Temples are not the only component of Greek architecture, but are the main focus of study. Architects of early Greece constructed houses, amphitheatres, tombs, palaestrae, propylaea, agoras, and stoas.  The first populace of the Greek peninsula were said to be Neolithic. They crafted very primitive and basic structures using mud bricks and stones in the mud with reeds or brush to help build houses in circular, semi-circular, oval, or rectangular shape. Rectangular houses were sometimes oblong with an entrance set up at one of the short ends, but the majority resembled more of a square. Most of the houses had one room. There were seldom two. The following group of settlers was the Minoan. They were renowned as palace builders. Towns were mainly residential with few temples and public places. The houses were private, yet very open with many rooms. Pillars were employed to separate rooms. The stairways were a very prominent attribute of these massive homes. This began a whole new era for the Greeks concerning architecture. (Lee) Until the age of Alexander the Great, Greeks erected permanent stone buildings essentially to serve a religious purpose similar to the Egyptians, Hindus, and Sumerians. Their temples were not sizable inclusions of space but statue chambers housing a god’s sacred image. Right of entry to these chambers was only permitted to priests. Nonetheless, temples of ancient Greece have forever been recognized as fundamentally distinctive and superior to most premature religious types in three ways. The temples had a smoothness in form, superb purification of the finest examples, and because their architecture reflects the beginning of a cogent, philosophical approach to art in Greece that took the place of previous belief systems. (Crystal)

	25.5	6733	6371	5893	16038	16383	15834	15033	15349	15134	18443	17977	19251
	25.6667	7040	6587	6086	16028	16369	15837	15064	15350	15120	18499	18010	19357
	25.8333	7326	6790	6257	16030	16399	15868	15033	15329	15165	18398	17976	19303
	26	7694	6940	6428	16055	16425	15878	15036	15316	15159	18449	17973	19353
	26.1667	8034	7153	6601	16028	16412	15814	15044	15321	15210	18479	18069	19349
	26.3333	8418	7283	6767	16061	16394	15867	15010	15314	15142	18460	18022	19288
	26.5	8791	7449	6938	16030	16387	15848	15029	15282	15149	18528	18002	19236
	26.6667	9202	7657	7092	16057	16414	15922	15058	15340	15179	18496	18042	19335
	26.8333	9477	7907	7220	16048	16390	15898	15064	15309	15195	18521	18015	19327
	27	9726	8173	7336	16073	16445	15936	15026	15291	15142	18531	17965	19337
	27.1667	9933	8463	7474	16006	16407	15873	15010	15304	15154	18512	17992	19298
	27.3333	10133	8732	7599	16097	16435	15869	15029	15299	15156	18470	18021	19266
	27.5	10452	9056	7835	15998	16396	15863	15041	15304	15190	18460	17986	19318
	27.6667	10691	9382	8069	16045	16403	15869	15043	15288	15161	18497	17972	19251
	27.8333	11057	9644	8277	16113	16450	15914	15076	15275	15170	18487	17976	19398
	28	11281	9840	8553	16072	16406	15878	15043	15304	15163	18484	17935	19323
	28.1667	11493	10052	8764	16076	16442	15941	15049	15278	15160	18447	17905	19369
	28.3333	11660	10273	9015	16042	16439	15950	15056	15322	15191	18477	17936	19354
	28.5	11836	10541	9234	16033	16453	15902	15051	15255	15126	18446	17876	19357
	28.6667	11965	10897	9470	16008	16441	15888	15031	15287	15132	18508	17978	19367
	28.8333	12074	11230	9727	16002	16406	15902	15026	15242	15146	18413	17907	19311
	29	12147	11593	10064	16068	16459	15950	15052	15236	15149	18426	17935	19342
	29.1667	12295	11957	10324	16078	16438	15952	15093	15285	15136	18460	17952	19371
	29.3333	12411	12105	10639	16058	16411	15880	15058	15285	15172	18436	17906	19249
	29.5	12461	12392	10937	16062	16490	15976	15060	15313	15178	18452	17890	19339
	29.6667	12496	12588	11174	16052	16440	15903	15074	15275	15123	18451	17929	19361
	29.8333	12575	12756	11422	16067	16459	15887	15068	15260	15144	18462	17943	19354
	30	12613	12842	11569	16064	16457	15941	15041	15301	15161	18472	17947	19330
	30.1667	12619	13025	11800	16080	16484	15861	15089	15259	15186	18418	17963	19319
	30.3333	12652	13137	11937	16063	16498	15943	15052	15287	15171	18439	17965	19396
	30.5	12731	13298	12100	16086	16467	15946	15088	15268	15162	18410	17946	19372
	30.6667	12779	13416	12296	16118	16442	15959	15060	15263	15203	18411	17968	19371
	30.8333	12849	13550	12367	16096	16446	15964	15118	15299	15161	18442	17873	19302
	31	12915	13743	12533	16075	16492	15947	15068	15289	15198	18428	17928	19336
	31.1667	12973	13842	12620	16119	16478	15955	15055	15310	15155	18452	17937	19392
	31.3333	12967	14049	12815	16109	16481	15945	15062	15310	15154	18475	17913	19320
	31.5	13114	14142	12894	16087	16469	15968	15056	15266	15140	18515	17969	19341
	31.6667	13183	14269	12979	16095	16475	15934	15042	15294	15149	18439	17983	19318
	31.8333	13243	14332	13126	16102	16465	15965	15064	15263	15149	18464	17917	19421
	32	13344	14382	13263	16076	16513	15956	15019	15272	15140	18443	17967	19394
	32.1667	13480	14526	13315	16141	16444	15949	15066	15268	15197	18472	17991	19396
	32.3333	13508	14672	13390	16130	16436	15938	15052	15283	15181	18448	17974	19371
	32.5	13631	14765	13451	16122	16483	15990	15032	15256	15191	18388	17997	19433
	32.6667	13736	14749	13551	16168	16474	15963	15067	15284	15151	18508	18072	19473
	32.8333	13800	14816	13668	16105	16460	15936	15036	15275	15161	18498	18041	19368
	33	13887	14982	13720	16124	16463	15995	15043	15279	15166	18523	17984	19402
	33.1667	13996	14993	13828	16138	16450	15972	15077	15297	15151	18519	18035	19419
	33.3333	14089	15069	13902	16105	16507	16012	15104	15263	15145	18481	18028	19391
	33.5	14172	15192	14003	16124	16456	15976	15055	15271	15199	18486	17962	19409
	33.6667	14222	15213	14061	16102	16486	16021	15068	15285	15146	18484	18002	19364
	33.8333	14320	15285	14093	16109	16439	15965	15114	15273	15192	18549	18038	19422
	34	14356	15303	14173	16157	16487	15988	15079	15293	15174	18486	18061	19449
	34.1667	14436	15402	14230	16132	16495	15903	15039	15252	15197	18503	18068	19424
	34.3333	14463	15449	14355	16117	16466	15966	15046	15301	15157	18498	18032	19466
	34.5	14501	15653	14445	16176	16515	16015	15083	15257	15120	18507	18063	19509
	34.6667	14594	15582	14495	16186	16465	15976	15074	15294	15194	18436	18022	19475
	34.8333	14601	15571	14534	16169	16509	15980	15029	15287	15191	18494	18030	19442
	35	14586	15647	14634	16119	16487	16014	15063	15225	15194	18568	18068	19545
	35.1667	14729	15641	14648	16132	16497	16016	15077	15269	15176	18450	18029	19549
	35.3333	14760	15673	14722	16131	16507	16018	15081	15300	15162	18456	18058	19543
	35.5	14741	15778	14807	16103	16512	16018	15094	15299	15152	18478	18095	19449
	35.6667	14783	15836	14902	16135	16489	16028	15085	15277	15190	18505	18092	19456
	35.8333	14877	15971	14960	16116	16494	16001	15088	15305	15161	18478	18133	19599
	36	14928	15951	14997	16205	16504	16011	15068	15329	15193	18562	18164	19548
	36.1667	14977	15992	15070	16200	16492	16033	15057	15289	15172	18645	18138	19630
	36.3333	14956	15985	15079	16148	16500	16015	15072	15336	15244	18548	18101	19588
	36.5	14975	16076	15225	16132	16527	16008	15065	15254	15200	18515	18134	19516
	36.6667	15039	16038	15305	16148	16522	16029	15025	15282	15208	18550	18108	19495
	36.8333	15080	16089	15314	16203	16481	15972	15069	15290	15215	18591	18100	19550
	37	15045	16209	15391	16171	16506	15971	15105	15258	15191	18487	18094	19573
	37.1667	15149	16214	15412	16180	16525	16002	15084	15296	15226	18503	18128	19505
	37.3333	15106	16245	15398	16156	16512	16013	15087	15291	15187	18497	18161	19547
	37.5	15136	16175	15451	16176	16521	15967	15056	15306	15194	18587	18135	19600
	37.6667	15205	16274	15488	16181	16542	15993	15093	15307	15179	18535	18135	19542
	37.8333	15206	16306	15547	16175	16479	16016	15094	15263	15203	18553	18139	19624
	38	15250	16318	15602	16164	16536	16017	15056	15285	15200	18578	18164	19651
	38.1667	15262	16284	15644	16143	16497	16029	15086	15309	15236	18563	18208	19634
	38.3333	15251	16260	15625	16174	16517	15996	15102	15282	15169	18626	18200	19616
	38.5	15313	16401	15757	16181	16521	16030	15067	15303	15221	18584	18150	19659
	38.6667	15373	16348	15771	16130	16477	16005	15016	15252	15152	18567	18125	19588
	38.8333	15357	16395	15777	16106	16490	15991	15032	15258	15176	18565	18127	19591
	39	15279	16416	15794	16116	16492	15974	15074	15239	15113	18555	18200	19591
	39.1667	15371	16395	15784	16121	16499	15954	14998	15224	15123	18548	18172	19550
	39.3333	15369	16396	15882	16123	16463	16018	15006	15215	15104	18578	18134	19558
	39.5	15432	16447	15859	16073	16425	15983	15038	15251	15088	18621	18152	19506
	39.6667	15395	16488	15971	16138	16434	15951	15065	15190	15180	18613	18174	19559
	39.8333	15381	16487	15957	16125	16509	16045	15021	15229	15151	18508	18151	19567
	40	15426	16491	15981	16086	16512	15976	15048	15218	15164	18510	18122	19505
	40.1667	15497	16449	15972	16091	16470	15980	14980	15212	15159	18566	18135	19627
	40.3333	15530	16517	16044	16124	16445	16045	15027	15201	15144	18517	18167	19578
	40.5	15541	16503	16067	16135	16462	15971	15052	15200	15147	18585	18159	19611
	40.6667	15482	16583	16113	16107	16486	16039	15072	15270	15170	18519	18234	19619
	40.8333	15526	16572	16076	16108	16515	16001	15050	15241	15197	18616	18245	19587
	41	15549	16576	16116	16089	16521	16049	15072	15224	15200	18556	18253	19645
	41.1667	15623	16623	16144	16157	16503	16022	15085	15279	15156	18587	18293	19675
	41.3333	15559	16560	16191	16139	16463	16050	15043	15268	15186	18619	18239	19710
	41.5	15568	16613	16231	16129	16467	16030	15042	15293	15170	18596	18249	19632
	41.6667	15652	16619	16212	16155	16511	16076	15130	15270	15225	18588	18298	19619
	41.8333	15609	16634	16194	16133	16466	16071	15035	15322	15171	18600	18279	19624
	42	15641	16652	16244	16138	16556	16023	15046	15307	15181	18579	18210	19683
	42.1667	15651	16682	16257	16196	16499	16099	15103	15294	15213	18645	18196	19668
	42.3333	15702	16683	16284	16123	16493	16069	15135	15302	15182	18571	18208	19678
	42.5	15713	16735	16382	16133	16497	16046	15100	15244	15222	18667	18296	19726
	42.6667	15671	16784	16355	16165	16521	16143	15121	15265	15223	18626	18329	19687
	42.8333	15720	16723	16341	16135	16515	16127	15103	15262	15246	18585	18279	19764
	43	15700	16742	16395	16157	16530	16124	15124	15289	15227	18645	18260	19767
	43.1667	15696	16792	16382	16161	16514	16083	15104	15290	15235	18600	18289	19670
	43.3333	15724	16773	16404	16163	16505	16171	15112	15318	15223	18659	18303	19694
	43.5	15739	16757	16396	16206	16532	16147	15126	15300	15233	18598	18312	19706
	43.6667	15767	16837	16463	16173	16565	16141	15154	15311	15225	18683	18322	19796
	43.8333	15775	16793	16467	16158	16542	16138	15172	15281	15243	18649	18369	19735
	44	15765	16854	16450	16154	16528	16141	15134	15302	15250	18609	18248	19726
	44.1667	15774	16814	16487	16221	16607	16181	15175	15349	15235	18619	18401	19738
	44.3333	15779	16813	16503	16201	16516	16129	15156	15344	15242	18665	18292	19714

In architectural achievement, the Greeks are acknowledged with the creation of the three traditional architectural orders: Doric, Ionic, and Corinthian. (Janson) The Doric order was earliest and the one used for most buildings. (Greek Architecture/Columbia Encyclopedia) The most dignified monuments were erected in Doric order. (Columbia Encyclopedia) The Doric order is very plain, but powerful looking in its design. Doric, like most Greek styles, works well horizontally on buildings. This is why it was so good with the long rectangular buildings made by the Greeks. (Schulman) This type had arrived at a definite form in the seventh century B.C., but further improvements produced the perfected order of the fifth century B.C. as it appeared in the Parthenon and the Propylaea at Athens. (Crystal) This style was used in mainland Greece and the colonies in southern Italy and Sicily. It continued to be used by the Greeks until about the second century B.C. (Greek Architecture/ Columbia Encyclopedia) The capital (the top, or crown) is made of a circle topped by a square. The shaft (the tall part of the column) is plain and has 20 sides. There is no base in the Doric order. The area above the column, called the frieze [“freeze”], had simple patterns. Above the columns are the metopes and triglyphs. The metope [“met-o-pee”] is a plain, smooth stone section between triglyphs.